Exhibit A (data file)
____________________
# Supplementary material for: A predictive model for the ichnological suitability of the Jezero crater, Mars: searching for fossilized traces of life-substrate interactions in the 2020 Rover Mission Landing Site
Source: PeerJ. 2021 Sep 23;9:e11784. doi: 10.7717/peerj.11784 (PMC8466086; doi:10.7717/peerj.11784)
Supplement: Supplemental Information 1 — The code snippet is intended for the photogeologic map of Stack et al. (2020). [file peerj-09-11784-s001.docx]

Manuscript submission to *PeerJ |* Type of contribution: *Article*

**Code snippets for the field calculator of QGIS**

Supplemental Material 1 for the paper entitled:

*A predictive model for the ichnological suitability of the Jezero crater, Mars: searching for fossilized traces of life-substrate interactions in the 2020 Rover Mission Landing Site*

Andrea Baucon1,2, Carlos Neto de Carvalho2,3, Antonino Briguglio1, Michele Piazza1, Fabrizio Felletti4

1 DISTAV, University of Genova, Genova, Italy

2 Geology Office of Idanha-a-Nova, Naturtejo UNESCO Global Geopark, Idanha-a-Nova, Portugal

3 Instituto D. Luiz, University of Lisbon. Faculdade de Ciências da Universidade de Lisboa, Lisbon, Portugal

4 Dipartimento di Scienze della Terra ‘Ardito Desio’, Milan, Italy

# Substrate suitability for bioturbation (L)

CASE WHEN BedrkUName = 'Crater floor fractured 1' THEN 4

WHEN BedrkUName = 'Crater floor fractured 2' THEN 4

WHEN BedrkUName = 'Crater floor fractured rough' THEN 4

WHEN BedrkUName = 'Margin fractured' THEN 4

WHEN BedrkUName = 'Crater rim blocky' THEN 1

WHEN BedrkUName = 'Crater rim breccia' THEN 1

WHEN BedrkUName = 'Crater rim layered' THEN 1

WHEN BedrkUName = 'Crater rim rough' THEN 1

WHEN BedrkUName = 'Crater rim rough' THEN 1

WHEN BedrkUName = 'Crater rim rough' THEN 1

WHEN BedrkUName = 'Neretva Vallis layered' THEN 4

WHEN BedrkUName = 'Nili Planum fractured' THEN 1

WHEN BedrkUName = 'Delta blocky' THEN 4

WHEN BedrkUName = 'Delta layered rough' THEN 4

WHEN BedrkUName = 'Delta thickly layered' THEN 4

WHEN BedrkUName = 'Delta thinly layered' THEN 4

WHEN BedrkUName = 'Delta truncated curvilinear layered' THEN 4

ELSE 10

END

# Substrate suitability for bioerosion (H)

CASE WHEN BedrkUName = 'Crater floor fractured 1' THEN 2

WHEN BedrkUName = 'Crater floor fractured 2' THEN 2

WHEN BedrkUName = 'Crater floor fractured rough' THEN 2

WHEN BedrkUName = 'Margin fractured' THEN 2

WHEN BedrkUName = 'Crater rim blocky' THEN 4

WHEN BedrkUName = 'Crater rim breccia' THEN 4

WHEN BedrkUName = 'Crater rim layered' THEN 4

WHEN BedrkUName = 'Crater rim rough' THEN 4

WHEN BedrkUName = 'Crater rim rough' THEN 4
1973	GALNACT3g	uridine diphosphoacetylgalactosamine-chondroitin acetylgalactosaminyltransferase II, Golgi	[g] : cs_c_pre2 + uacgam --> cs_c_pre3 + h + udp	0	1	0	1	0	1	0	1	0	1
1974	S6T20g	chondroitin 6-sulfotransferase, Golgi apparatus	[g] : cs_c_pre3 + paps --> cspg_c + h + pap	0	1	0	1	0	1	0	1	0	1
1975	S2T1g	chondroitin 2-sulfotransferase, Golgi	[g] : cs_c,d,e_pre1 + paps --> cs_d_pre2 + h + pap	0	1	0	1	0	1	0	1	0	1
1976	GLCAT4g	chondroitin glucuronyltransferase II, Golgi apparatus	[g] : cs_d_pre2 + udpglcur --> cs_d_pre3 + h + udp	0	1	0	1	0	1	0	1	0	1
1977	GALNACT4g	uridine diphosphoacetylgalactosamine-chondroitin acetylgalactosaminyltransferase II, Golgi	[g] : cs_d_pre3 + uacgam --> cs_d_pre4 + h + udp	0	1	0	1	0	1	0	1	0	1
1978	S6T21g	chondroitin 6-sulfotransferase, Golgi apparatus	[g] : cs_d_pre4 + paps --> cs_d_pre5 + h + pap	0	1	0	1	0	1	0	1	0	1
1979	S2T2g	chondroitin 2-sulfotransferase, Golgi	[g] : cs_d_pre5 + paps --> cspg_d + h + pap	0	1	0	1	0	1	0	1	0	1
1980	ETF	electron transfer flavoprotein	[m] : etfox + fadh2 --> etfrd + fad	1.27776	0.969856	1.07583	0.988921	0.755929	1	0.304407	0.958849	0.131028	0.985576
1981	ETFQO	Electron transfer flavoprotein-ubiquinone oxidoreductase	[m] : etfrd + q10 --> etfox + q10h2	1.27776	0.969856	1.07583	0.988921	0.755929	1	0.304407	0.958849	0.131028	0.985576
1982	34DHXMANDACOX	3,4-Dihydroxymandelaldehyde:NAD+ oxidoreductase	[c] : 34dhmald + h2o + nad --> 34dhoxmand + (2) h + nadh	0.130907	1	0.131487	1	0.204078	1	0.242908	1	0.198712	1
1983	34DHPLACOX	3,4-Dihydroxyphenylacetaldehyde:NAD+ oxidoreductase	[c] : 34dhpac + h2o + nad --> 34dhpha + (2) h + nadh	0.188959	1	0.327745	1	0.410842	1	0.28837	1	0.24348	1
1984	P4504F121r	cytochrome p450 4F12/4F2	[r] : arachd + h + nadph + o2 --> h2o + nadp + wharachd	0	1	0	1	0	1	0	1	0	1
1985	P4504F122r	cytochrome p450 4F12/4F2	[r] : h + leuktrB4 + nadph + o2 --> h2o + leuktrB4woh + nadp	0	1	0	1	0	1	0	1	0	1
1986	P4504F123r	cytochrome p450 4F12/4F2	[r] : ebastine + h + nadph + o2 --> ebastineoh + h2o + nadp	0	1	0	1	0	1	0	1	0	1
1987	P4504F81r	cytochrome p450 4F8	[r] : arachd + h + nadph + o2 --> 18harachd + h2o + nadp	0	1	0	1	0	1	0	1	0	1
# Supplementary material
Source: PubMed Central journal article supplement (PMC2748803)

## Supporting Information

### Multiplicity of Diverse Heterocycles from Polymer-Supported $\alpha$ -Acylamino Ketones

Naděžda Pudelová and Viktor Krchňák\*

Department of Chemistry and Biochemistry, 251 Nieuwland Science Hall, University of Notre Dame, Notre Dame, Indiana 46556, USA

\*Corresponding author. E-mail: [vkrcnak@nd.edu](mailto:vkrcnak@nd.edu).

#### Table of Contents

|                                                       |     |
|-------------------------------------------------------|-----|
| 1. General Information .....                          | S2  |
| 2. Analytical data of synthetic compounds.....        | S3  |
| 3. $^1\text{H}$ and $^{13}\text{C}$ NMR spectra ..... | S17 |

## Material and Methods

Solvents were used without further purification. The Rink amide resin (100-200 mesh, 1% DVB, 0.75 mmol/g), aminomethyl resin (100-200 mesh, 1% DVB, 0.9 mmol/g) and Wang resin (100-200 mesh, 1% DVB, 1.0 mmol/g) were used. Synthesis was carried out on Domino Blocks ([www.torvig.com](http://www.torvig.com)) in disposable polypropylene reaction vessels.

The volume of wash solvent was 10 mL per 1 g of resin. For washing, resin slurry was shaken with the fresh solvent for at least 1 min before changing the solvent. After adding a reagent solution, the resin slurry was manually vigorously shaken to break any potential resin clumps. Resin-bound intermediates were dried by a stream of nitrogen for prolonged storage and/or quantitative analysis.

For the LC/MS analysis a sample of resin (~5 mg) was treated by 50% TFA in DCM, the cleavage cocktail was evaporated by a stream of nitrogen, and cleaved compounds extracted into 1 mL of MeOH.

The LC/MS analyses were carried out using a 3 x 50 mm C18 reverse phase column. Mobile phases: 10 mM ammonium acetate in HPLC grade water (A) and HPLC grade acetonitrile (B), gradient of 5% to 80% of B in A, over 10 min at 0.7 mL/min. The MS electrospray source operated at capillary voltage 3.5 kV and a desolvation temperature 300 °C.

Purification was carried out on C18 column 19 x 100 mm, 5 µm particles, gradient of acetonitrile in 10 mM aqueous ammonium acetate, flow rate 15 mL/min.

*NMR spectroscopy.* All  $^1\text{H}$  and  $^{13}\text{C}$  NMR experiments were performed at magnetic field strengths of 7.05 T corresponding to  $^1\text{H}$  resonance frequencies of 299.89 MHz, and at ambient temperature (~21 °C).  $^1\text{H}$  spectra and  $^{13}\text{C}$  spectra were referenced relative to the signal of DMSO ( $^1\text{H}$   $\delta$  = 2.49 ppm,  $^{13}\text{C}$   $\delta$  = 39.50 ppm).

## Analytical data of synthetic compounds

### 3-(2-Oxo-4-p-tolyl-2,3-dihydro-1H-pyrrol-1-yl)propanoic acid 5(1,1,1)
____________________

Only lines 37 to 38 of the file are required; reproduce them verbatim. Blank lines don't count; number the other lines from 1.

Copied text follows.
WHEN BedrkUName = 'Margin fractured' THEN 2

WHEN BedrkUName = 'Crater rim blocky' THEN 4